After 9/11, the damaged sculpture became a makeshift memorial. Touched by this, Seward cast a copy and welded casts of tokens left there (flowers, candles, notes) to the sculpture. He used a gray patina to suggest the gray ash of 9/11. His piece, titled Makeshift Memorial, sits in Jersey City, facing the Financial District beside a WTC beam.

Makeshift Memorial by Seward Johnson (Photo: Kenny Ek © 2005, The Seward Johnson Atelier, Inc.)

This memorial in Oak Lawn, Illinois, a suburb of Chicago, combines WTC Steel topped with sculptures created by the artist Erik Blome:

Memorial in Oak Lawn, Illinois, by Erik Blome. (Photos: Sandra Bury)

Blome created two 14-foot-tall bronze spires, each with 30 separate areas for designs. One design shows hands holding. The artist writes: "9/11 is all about togetherness, it’s all about coming together. I think people held hands that day. People who didn’t know each other held hands that day. ... When you say first responders, we were all, in a sense, first responders that day."

Other designs, for example, show two hands reaching for each other, but not quite touching; a lone firefighter hat; a man covering his face with a cloth to convey the dust that swirled around Ground Zero.

The cover of 9/11 Memorial Visions featured this competition entry by Tiberiu Mosteanu with two large arching structures:

9/11 Memorial competition entry by Tiberiu Mosteanu (Image: Tiberiu Mosteanu)

Then ten years after 9/11 this memorial structure was built in a park in Howell, New Jersey, done by completely different designers who couldn’t have seen Tibi's entry:

Memorial in Howell, New Jersey (Photo: Howell Patch)

In it, arches are joined at the top of the structure to form a pentagon (a reference to the town’s five residents who were killed in the 9/11 attacks but also happening to recall the Pentagon in DC). The black stone foundation is etched with a drawing of the New York City skyline. Inside is a boulder from Shanksville, Pennsylvania, and a piece of WTC steel mounted on a pedestal.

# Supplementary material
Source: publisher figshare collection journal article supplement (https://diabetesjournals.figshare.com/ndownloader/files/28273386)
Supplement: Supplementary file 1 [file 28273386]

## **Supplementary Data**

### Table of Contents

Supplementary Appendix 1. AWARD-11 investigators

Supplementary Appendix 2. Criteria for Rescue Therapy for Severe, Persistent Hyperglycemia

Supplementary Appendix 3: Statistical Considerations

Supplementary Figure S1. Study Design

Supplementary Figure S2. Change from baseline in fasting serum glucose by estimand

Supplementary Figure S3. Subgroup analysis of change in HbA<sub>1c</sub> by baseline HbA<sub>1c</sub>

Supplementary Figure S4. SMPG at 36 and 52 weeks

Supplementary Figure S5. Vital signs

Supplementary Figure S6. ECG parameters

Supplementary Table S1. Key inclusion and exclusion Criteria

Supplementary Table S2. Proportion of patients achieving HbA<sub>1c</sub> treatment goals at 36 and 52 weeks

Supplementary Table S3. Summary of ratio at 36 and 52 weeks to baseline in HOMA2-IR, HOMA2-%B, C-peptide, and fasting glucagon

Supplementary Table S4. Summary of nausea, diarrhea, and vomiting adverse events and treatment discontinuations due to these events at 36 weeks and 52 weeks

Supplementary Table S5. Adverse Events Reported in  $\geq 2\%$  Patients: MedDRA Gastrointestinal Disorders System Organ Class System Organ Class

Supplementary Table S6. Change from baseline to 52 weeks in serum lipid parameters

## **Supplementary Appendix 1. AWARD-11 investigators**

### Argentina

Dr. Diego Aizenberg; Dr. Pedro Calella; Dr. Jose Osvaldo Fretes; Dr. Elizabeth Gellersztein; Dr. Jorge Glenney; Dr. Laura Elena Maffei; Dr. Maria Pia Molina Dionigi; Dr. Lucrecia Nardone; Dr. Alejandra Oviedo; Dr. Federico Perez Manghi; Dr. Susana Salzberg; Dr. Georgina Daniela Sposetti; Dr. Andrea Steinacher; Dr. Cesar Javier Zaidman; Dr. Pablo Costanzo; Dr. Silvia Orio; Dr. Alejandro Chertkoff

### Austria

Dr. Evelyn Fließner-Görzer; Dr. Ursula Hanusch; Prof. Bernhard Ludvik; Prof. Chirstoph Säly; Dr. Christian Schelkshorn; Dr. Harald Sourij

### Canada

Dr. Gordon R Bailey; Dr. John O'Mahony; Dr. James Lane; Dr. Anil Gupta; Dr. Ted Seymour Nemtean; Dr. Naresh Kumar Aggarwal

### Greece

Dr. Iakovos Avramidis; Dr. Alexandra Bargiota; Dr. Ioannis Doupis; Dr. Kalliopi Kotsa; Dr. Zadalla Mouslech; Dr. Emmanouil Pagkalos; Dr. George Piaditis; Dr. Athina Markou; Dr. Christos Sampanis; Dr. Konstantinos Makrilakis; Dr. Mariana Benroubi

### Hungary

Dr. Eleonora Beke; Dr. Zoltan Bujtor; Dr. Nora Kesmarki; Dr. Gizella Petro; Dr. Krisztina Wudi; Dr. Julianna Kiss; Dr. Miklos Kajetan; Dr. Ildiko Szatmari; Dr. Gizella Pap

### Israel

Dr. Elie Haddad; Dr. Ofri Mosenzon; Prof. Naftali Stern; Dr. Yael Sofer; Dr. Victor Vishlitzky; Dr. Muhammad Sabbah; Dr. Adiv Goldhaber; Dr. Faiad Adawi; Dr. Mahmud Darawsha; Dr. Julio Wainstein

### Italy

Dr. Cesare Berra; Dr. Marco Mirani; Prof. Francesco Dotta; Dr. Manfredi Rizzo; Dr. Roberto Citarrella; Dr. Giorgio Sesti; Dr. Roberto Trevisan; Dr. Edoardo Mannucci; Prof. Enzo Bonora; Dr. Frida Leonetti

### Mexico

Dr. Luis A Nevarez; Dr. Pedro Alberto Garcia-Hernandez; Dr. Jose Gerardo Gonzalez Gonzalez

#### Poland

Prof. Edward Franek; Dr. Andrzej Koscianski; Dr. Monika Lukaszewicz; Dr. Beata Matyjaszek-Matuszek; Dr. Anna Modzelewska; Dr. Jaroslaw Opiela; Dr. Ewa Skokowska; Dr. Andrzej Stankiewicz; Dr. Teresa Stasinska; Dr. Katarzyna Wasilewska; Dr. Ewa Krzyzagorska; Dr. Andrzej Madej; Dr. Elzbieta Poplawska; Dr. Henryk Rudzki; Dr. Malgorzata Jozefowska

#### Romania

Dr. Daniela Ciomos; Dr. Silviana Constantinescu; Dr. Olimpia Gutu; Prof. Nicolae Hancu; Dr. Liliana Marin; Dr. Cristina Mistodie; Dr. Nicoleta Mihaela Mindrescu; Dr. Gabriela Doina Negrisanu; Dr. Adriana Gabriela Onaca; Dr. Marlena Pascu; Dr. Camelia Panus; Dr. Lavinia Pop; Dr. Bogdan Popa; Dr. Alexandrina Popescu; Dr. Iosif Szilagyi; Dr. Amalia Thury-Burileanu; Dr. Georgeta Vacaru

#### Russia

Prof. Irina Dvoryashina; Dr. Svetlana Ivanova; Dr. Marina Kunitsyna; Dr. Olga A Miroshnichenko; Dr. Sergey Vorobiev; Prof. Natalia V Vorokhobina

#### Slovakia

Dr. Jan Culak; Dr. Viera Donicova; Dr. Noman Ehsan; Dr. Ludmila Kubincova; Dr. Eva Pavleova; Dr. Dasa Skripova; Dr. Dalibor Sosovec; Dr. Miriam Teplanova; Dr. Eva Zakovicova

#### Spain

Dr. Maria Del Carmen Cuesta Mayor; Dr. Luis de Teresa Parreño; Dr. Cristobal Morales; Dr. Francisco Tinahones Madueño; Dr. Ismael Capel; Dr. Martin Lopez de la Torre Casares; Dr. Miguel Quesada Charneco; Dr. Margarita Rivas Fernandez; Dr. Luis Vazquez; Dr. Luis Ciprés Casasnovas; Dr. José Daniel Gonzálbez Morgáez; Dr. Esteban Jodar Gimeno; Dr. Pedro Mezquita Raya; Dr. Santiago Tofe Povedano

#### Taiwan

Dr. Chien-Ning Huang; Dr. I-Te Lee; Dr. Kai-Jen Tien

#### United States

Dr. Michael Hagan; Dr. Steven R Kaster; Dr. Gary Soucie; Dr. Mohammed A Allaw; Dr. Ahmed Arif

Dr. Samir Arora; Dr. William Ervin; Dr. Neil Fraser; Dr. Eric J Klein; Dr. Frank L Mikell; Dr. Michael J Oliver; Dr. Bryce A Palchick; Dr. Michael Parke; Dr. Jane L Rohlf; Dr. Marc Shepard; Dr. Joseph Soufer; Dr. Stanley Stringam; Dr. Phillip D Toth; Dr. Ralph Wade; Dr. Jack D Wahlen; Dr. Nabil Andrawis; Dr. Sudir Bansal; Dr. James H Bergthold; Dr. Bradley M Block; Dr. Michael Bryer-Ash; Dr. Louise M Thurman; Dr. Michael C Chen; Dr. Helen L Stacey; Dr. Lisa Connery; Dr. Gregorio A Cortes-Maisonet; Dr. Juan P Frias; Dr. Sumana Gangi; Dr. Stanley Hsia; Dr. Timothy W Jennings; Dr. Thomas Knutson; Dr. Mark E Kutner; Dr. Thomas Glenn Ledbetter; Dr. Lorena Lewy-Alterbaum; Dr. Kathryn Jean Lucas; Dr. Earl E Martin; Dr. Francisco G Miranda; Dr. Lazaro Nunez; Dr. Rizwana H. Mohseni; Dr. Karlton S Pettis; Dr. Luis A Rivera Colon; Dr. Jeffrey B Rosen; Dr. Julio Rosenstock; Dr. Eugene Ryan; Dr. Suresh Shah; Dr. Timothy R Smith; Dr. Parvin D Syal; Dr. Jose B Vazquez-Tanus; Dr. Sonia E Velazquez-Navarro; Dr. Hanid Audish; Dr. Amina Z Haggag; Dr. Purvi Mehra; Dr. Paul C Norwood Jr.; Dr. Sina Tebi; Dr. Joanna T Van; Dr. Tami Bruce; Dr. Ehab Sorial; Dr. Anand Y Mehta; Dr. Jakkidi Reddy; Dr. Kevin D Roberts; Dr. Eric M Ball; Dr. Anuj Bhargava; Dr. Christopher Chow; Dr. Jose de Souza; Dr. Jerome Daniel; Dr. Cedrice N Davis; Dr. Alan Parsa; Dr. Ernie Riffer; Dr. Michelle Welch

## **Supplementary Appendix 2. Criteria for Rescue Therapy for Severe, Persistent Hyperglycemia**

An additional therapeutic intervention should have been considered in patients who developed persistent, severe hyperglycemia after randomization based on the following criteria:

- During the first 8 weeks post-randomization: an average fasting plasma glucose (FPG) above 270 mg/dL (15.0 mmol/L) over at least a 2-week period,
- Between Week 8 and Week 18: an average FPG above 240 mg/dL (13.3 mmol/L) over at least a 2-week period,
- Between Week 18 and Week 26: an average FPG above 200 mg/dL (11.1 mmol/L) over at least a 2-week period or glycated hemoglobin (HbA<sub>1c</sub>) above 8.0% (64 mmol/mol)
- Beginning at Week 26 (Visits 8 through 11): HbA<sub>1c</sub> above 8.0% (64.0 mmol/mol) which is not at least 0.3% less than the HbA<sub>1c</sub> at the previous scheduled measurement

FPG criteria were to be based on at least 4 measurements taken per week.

In the below memorial in Elko, Nevada, by artists Joan Anderson and Jacques Errecart, doves rise up from a piece of WTC Steel. In addition to the birds, the design incorporates squares, which represent eternity, and circles, which represent unity.

Memorial by Joan Anderson and Jacques Errecart in Elko, NV (Photo: Elko Daily Free Press)

Steel Beams + Ideas: Europe

Pieces of WTC Steel are encircled in a memorial built by the local Lion’s Club in Modena, Italy:

Memorial in Modena, Italy (Photo: 2010 Rotary Group Study Exchange Italy)

The 9/11 Memorial Registry describes the memorial: "Depicting two interweaving globes, it represents the hope of a future of peace and harmony among different civilizations and cultures. … two globes that symbolize the two worlds, Occident and Orient … The two worlds are really close but separated, which should symbolize the difficult relationship with the Islamic world …"

This striking memorial—Memoria e Luce in Padua, Italy—was designed by architect Daniel Libeskind, author of the masterplan for rebuilding the World Trade Center site.

Daniel Libeskind's Memoria e Luce in Padua, Italy (Photo © Bitter Bredt)

Libeskind describes the memorial, which includes a twisted steel beam salvaged from the wreckage of the World Trade Center, as "an open and luminous book."

The Future

With more than fifteen years between 9/11 and the present, and with all of the WTC Steel distributed, perhaps the world now has all of its 9/11 memorials. Yet I wonder, as the partial remains of the Twin Towers are viewed, will some people think that 9/11 was more about the "death" of two steel buildings than the death of nearly 3,000 innocent people?


Lester Levine is a business consultant and lifelong architecture groupie whose passion led him to become a 9/11 memorial "expert." He and his wife lost friends in New York and to heal entered the 2003 World Trade Center Memorial Design Competition. A quirk of fate nearly 10 years later led him to be the only person to read all 5,201 entries. His exploration of the new ideas found there became a book, 9/11 Memorial Visons, published by McFarland in 2016.